That approach is somewhat rare in Democratic politics. Usually, social media posts from blue check mark or “verified” accounts are written, edited and produced by several people removed from the principal. Fetterman’s closeness to the content, however, makes him more authentic, allies say. He was a big tweeter even before he entered the race and plans to stay that way.
Progressives see parallels between Fetterman’s approach and that of a few other “extremely online” Democrats: Sen. Bernie Sanders (I-Vt.) and Rep. Alexandria Ocasio-Cortez (D-N.Y.)
In 2020, Sanders’s campaign formed what was considered by digital natives to be a highly sophisticated online operation, where scores of people took to their computers to fight his most fervent political battles over policies. That approach, in turn, helped him generate a massive email list and to raise small dollar donations.
Ocasio-Cortez, meanwhile, dialed up frequent Twitter and Instagram live sessions from teaching moments into national platforms to educate voters on everything from inside looks at how bills are passed to personal accounts of being on Capitol Hill during the Jan. 6 insurrection.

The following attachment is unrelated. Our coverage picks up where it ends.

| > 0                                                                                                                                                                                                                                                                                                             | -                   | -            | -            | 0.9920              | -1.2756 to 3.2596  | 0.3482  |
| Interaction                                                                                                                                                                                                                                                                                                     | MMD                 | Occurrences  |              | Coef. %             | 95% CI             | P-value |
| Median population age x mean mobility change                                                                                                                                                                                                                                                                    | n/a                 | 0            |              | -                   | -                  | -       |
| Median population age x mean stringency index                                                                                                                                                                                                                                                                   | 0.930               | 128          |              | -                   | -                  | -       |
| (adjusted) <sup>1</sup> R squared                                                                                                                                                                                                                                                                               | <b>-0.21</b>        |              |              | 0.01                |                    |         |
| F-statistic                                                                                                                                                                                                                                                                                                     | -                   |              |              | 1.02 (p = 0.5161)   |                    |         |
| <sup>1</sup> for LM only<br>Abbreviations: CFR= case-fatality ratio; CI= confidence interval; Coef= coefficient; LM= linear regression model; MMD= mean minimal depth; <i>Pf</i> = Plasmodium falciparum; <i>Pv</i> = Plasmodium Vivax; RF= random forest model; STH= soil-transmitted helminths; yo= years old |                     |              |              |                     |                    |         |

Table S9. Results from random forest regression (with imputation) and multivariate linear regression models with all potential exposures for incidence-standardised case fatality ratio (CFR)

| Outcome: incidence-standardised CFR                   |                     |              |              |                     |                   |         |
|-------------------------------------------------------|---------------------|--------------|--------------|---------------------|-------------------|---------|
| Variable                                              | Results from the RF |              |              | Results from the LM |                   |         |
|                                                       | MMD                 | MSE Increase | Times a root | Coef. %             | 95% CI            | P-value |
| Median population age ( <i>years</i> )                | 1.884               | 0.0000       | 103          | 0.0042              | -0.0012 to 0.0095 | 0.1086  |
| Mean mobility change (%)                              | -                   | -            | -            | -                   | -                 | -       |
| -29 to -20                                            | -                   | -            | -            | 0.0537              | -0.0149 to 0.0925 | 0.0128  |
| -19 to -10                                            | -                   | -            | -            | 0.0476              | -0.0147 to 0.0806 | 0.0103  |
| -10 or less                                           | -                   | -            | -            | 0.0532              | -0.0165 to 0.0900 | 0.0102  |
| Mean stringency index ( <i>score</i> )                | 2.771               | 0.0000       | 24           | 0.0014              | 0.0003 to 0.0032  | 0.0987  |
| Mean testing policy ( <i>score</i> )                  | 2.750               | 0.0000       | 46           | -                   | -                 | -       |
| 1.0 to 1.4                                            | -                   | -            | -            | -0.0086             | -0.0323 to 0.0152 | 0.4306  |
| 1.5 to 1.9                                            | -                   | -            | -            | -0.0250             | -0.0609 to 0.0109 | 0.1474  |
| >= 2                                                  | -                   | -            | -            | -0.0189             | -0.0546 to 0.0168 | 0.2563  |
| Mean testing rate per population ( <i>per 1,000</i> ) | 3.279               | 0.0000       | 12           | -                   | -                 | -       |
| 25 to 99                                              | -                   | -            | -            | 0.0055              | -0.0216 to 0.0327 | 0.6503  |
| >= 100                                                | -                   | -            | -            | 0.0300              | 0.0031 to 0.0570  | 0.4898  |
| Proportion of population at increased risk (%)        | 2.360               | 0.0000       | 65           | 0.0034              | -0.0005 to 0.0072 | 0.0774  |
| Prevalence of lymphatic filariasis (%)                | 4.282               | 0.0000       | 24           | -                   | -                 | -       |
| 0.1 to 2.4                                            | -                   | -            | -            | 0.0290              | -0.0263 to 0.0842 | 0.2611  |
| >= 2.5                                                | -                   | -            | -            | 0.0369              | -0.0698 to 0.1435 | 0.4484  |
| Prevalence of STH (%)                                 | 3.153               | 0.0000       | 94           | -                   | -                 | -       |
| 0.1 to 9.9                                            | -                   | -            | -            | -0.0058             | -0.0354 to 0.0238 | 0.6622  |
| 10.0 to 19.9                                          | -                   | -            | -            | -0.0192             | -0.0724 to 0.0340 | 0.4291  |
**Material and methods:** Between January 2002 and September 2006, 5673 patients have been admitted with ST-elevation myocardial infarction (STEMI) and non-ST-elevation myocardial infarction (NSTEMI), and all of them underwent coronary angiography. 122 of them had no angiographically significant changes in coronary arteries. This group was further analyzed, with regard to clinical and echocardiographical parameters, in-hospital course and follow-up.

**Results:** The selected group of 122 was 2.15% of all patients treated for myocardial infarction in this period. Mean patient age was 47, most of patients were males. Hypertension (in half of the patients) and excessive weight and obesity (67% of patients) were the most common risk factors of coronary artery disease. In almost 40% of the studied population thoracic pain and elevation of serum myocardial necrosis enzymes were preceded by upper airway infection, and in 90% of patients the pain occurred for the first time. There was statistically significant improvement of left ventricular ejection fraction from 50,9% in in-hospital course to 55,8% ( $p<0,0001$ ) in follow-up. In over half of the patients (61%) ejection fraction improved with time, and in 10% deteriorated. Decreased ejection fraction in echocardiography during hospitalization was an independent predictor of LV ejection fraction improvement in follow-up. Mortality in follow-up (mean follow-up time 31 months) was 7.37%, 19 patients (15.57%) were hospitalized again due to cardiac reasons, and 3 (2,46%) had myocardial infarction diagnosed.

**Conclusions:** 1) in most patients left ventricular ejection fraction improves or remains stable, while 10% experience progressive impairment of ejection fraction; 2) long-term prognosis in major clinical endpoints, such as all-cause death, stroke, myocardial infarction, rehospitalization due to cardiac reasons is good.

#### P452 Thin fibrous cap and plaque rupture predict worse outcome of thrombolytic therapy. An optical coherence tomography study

Allies say that highly personal style is now proving effective for Fetterman, and Democrats are coming around to the idea that they can shake up the old online playbook to have more fun, and they hope, more electoral impact.
“The Fetterman campaign is running an incredible counter to conventional wisdom … that is yielding positive results on the ground and through online fundraising,” said Adam Parkhomenko, a Democratic strategist whose own prolific Twitter presence regularly attracts Republican’s ire.